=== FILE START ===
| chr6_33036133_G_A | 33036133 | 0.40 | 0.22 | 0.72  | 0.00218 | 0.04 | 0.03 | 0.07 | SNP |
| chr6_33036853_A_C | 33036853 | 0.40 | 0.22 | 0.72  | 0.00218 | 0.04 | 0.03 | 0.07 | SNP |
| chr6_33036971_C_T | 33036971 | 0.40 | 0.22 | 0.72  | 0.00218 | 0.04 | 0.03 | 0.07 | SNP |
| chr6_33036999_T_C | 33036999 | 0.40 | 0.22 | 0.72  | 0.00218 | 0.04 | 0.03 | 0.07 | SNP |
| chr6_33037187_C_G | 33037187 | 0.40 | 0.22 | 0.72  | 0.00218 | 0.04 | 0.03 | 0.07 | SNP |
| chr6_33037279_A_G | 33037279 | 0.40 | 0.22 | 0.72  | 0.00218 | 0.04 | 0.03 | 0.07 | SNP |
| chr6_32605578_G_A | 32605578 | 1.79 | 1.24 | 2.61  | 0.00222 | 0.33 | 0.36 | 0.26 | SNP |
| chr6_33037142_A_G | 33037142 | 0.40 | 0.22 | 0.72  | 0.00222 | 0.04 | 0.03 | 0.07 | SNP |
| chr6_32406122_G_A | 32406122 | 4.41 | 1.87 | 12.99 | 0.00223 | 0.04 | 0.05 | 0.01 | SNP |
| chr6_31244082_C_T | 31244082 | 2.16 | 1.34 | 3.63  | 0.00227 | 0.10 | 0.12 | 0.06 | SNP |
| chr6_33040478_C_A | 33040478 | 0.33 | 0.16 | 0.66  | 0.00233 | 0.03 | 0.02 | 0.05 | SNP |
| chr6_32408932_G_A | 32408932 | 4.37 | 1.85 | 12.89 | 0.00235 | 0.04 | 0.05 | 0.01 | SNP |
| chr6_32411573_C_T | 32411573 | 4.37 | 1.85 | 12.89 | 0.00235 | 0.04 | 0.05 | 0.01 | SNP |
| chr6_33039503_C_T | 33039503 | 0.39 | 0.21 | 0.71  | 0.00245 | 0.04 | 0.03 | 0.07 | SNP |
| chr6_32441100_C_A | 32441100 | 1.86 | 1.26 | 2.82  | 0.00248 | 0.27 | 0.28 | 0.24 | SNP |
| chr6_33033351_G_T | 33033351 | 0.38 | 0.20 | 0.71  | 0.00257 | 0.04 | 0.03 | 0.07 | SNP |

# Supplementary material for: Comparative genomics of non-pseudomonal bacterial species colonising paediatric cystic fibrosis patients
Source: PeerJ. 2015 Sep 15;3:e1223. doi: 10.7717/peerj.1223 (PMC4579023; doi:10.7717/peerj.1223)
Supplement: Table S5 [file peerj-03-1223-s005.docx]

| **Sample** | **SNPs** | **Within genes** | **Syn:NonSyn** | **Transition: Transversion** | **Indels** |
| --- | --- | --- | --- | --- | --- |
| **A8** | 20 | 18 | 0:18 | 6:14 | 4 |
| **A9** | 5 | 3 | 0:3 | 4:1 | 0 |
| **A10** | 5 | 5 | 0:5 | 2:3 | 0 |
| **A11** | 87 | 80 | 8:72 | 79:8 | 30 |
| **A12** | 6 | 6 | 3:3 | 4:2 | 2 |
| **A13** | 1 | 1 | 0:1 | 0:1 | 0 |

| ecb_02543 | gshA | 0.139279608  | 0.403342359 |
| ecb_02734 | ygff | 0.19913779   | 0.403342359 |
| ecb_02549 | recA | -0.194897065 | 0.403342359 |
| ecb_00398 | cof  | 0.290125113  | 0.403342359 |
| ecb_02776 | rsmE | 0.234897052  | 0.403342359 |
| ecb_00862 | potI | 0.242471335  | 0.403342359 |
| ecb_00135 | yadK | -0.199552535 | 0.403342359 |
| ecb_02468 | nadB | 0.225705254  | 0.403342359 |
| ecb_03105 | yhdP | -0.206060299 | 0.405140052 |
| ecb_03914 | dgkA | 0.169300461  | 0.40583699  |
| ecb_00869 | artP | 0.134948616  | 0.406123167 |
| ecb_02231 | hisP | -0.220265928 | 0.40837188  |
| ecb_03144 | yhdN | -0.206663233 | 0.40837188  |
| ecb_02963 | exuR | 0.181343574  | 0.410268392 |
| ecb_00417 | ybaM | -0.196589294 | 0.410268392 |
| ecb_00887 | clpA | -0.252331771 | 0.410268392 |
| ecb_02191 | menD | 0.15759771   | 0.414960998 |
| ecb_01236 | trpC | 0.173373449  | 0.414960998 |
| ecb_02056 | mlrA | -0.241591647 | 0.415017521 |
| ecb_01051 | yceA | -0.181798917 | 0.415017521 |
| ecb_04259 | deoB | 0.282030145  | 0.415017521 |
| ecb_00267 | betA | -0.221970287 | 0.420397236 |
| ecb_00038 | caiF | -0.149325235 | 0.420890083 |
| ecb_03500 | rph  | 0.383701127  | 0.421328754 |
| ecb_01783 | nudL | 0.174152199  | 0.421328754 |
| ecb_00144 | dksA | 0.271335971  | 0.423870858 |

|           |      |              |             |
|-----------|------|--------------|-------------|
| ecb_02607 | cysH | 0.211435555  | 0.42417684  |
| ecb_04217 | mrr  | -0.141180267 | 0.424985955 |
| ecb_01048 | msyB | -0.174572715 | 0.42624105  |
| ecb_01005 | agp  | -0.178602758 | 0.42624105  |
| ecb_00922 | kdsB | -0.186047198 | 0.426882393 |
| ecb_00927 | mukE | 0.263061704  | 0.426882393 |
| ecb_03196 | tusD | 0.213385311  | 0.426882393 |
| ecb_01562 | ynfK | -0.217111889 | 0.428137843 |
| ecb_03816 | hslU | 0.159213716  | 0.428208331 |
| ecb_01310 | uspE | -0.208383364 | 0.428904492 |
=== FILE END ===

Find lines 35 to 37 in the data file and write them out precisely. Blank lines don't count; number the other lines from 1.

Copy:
| ecb_02468 | nadB | 0.225705254  | 0.403342359 |
| ecb_03105 | yhdP | -0.206060299 | 0.405140052 |
| ecb_03914 | dgkA | 0.169300461  | 0.40583699  |